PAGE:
As Ringley attracted a following both on and off the Internet, more than 100 media outlets from The Wall Street Journal to Modern Ferret ran features. Ringley owned several ferrets and Modern Ferret featured Jenni and one of her pets on the front cover. As an actress, she was cast in "Rear Windows '98," a 1998 episode of the TV series Diagnosis: Murder, portraying Joannecam, a fictionalized version of herself. She also hosted her own Internet talk show titled The Jennishow on The Sync, an early webcasting network based in Laurel, Maryland.
Ringley's standard of living improved with a new larger apartment, expensive furniture and several business trips to Amsterdam with her accountant. She claimed that the experience improved her self-image and self body image. Ringley began to take trips to visit other cam girls, including Ana Voog of Anacam.com.
At the height of her popularity, an estimated three to four million people watched JenniCam.org daily. She eventually purchased the domain jennicam.com as well. She appeared July 31, 1998 as a guest on the Late Show with David Letterman. At the end of the interview, and even after having been corrected once, Letterman plugged the site as Jennicam.net instead of the correct Jennicam.com (Ringley owned both Jennicam.com and Jennicam.org). People visiting the previously non-existent Jennicam.net found a pornographic site with the greeting, "Thanks Dave".
When Ringley moved to Sacramento, California, she documented the boxing of her possessions with free live streaming and full audio. Ringley received some criticism from fans when she became involved with Dex, a man who was the fiancé of a fellow webcammer and friend who helped her move to California.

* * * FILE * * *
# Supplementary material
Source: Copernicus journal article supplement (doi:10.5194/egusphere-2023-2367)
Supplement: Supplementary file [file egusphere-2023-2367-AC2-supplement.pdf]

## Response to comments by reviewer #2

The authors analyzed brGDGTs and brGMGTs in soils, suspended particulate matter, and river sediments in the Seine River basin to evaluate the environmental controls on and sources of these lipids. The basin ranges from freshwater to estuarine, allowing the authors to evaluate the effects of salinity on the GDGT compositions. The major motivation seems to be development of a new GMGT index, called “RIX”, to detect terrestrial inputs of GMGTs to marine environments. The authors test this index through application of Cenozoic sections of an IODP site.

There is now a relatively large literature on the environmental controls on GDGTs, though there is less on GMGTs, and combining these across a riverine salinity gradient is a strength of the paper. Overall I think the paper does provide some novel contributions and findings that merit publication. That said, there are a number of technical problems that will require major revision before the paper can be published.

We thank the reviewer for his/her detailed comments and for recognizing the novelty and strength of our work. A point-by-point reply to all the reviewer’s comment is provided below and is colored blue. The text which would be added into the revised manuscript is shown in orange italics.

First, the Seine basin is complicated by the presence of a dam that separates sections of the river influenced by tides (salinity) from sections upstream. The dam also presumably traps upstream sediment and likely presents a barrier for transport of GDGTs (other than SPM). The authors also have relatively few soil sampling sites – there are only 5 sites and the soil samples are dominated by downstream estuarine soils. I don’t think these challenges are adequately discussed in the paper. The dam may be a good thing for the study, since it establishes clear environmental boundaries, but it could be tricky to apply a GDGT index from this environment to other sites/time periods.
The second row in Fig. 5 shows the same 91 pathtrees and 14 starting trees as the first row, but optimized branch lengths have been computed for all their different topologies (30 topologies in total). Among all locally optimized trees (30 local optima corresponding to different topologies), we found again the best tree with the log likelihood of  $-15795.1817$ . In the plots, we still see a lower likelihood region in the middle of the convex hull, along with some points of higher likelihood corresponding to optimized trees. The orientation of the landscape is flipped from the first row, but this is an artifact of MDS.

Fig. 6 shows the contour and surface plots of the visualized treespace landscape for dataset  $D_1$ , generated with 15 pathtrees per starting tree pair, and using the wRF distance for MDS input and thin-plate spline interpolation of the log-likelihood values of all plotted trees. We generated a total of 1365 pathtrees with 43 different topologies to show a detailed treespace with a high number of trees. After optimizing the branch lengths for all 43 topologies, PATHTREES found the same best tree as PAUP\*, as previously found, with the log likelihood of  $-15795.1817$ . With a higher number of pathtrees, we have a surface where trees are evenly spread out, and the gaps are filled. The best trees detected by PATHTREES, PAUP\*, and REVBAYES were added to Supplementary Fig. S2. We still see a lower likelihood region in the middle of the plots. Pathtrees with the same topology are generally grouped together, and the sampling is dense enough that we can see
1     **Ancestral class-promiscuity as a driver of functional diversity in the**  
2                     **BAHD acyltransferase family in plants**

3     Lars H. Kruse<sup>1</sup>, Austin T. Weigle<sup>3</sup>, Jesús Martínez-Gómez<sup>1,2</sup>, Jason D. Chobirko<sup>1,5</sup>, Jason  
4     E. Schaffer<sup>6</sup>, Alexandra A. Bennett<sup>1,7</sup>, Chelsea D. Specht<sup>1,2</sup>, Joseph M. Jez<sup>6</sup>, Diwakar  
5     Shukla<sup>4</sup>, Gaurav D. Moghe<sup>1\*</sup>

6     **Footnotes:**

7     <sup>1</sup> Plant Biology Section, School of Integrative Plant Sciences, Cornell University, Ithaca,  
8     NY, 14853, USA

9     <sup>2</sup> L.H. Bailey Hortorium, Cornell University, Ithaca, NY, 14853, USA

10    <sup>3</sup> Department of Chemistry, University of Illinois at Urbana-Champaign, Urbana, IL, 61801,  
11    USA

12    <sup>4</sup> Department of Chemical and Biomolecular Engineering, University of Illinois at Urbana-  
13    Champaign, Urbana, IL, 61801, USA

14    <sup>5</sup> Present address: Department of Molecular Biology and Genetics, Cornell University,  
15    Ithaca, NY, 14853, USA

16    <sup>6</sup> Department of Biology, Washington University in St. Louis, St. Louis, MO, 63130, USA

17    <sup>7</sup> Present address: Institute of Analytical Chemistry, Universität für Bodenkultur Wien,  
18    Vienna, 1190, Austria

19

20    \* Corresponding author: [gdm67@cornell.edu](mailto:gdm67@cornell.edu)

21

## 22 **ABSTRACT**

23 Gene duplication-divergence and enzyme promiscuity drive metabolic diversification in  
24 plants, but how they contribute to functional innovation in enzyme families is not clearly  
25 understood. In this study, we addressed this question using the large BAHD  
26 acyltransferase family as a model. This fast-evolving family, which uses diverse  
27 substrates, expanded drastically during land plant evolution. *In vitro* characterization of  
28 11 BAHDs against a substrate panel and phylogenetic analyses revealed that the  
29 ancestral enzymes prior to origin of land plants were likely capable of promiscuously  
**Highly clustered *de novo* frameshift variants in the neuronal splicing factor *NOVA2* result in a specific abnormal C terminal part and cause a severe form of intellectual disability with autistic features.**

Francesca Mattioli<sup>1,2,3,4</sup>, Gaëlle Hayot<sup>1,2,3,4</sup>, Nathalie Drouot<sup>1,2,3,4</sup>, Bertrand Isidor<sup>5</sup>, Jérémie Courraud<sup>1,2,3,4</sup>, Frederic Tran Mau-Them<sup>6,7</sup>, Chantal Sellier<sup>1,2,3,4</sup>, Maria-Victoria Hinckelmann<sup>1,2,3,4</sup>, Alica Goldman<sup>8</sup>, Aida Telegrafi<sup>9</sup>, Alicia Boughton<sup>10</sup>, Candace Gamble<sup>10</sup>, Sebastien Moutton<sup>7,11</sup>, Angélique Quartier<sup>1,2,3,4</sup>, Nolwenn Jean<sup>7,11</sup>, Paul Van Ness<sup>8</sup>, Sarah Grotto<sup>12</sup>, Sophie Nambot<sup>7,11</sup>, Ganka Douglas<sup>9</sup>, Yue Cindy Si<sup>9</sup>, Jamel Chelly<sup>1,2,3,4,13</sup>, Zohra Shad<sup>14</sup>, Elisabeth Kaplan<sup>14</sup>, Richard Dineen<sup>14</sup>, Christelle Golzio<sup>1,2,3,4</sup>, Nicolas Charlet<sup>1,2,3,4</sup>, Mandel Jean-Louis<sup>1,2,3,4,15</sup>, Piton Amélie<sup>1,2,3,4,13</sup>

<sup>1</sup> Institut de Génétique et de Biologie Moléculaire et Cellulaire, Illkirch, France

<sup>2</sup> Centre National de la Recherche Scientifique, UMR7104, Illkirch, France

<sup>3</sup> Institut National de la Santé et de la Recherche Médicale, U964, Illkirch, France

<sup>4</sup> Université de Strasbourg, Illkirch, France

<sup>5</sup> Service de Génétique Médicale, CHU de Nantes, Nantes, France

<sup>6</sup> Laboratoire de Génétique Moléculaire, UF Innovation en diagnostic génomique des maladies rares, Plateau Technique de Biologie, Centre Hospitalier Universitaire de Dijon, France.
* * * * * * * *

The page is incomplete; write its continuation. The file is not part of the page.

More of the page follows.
By 2007, Ringley had worked for a web developer after a brief stint as a case worker for a social services agency in Sacramento. Out of the public eye, she stated, "I really am enjoying my privacy now. I don't have a web page; I don't have a MySpace page. It's a completely different feeling, and I think I'm enjoying it."
In December 2014, Ringley spoke to the podcast Reply All about her experiences with Jennicam; the podcast noted that Jenny "is almost entirely absent from the Internet ... just the way she likes it."
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- "#5 Jennicam" (Podcast). Reply All. No. 5. Gimlet Media. December 17, 2014.
- "Behind the Scenes with Jennifer Ringley", segment of "Webjunk" on VH1, posted to IFILM on March 18, 2007.
- Krotoski, Aleks (October 18, 2016). "Jennicam: The first woman to stream her life on the internet". BBC News.
- Krotoski, Aleks (October 17, 2016). "Jennifer". The Digital Human. Season 10. BBC. BBC Radio 4.
- Alptraum, Lux (July 22, 2018). "There Is Life After Campus Infamy". New York Times. Retrieved July 22, 2018.
- Blair, K.; Takayoshi, P. (1999). Feminist Cyberscapes: Mapping Gendered Academic Spaces. Greenwood Publishing Group. ISBN 978-1-56750-438-5.
- Burgin, V. (2000). "Jenni's Room: Exhibitionism and Solitude". Critical Inquiry. 27 (1): 77–89. doi:10.1086/448999. JSTOR 1344228. S2CID 161915076.
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- Jimroglou, K. M. (1999). "A camera with a view: JenniCAM, visual representation, and cyborg subjectivity" (PDF). Information, Communication & Society. 2 (4): 439–453. doi:10.1080/136911899359493.
- Schwebs, Ture; Otnes, Hildegunn (2001). tekst.no : strukturer og sjangrer i digitale medier [Text.no: Structures and genres in digital media] (in Norwegian). Oslo: Cappelen. p. 175. ISBN 978-82-02-19673-8.
- Kunzru, Hari (September 9, 1997). "The Story of the Eye". Mute.
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- Archive.org for jennicam.org
- "Tales from the Net". This American Life. Episode 66. June 6, 1997. 16 minutes in. NPR.
Conversation with Jennifer Ringley